Wine, Swine, and Caves in Napa Valley

Pig roasts, wine, and a trip to Napa Valley. A weekend really couldn’t get any sweeter than that, right? A few weeks ago, Steve spent a few days on the West Coast to attend the 2012 Pork Summit at the Culinary Institute of America’s Greystone campus. The summit packs in three days of farm-to-fork education, wine pairings classes, butchering demos, and lots of cooking. Steve is already quite familiar with the butchering aspect, having hosted a hog butchering demo here in the studio, but there are always new recipes and techniques to learn from the incredible chefs at these events.

Of course, there was a lot of delicious food being cooked outside the classroom as well. On Saturday evening, National Pork Board hosted a pig roast at the picturesque Hourglass Vineyard in Napa. The weather was beautiful, the smell of slowly-cooking pork filled the air, and 18 chefs got down to business preparing the meal for the nearly 60 guests in attendance. It wasn’t just what was on the plate that made the night memorable, though; it was where the dinner was held: inside Hourglass Vineyard’s wine cave.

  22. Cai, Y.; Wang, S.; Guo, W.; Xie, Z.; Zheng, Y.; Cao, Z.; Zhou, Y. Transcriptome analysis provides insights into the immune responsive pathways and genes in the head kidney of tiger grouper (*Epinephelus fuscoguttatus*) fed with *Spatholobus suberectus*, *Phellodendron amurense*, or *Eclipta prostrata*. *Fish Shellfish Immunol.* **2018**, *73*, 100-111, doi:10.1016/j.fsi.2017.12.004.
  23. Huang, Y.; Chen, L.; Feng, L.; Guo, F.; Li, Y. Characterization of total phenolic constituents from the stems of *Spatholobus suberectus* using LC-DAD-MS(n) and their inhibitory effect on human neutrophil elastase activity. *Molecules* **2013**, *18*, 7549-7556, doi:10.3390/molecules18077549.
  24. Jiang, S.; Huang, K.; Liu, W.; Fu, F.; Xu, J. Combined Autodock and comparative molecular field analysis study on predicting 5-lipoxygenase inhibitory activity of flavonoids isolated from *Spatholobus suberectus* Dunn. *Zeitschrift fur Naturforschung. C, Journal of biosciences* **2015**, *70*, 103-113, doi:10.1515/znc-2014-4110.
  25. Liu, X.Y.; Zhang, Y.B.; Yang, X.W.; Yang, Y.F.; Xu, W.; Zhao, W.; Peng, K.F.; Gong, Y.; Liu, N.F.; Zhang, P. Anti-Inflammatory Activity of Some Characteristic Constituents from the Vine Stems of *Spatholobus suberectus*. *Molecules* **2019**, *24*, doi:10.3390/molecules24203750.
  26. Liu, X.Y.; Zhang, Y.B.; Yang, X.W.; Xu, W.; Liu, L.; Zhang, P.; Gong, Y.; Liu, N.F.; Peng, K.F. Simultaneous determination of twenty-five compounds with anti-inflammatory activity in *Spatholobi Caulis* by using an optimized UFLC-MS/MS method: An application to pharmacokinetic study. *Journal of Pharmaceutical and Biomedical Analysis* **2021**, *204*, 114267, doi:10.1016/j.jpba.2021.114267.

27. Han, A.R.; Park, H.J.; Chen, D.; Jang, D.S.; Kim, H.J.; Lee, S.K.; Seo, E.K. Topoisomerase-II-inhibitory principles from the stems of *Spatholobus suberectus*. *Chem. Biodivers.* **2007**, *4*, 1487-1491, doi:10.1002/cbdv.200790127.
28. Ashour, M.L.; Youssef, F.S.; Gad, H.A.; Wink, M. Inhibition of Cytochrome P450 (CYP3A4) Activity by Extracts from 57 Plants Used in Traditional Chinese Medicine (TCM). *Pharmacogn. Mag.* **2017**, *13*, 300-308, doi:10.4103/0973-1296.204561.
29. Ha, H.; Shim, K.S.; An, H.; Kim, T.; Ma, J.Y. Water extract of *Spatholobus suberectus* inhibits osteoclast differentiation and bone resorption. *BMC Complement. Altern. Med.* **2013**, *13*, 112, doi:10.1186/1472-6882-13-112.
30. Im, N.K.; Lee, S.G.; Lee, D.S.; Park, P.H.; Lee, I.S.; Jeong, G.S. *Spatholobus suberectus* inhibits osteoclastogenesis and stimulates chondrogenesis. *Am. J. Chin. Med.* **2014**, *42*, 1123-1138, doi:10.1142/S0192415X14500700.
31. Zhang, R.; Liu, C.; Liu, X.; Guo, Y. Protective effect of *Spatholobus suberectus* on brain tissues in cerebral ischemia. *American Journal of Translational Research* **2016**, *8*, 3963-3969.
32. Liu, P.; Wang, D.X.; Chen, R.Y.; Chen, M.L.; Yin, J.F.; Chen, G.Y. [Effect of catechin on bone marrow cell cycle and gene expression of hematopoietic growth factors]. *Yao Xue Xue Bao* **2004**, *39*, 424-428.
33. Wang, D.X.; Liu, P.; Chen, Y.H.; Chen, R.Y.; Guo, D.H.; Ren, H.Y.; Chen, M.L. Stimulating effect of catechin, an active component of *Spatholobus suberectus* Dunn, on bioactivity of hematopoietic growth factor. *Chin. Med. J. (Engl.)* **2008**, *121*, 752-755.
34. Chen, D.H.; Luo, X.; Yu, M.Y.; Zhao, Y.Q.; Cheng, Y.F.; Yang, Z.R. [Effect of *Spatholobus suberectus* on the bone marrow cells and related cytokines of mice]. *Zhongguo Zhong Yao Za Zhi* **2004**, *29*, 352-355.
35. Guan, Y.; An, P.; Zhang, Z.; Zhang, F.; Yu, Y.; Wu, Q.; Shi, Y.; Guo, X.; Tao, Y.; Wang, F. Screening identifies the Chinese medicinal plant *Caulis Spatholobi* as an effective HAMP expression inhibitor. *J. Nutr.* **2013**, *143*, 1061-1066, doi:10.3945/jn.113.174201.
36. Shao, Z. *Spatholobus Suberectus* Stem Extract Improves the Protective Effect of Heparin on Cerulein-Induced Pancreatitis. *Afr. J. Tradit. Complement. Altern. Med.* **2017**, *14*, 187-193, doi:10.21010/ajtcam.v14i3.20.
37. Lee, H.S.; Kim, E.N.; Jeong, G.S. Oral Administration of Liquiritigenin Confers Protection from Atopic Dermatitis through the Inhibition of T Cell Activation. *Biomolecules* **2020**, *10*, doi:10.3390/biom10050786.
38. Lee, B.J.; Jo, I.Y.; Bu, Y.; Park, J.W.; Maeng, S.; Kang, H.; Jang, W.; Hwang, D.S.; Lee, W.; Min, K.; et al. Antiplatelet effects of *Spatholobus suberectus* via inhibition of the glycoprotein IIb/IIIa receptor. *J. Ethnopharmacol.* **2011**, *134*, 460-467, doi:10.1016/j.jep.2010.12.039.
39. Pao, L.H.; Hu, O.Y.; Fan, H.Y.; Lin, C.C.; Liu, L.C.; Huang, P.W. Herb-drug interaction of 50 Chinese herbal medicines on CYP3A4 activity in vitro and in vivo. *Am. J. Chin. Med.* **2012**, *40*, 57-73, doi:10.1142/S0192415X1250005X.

An empty wine cave is a nearly mystical space. Low, arched ceilings and the cool silence lend the cave a church-like atmosphere. There, quietly and slowly, the barrels age young wine until it is ready for bottling. The room transformed once all the guests filed in and began to eat and drink; then, the sounds of conversation and laughter bounced off the stone walls.

Most people think of caves as old, natural spaces carved by weather patterns over millions of years. But many of the nearly 200 wine caves in Napa, including Hourglass, were built by humans much more recently. In the late 1800s, Chinese immigrants who had come to work in the California mines were also put to work building wine caves in Sonoma and Napa. In the last few decades, engineers have begun to use huge roadheaders, milling heads, and other drills to carve into a rock face, or have used dynamite to clear large cavities in a mountainside. During the building of Hourglass’ relatively new cave, an extra box of dynamite was left over after the main cave was cleared, so the engineers and vineyard owners decided to blow out a small, adjacent room that they’ve furnished with couches and affectionately refer to as “The Man Room.”

After a fantastic meal in the main cave, Steve, Andrew, MaryBeth and CeCe were invited by the vineyard’s owner, Jeff Smith, for a special barrel tasting. Barrel tasting is a unique experience; young wines, still aging in their barrels, are opened, decanted, and sampled before they reach the bottling phase. Steve says the wines at Hourglass were fantastic, owing to the vineyard’s special terroir. The valley where the winery is located is shaped like an hourglass, with Hourglass’ six-acre plot located at the “pinch” of the glass. This creates some of the most intriguing soil in the whole valley, creating the signature taste of Hourglass wines.

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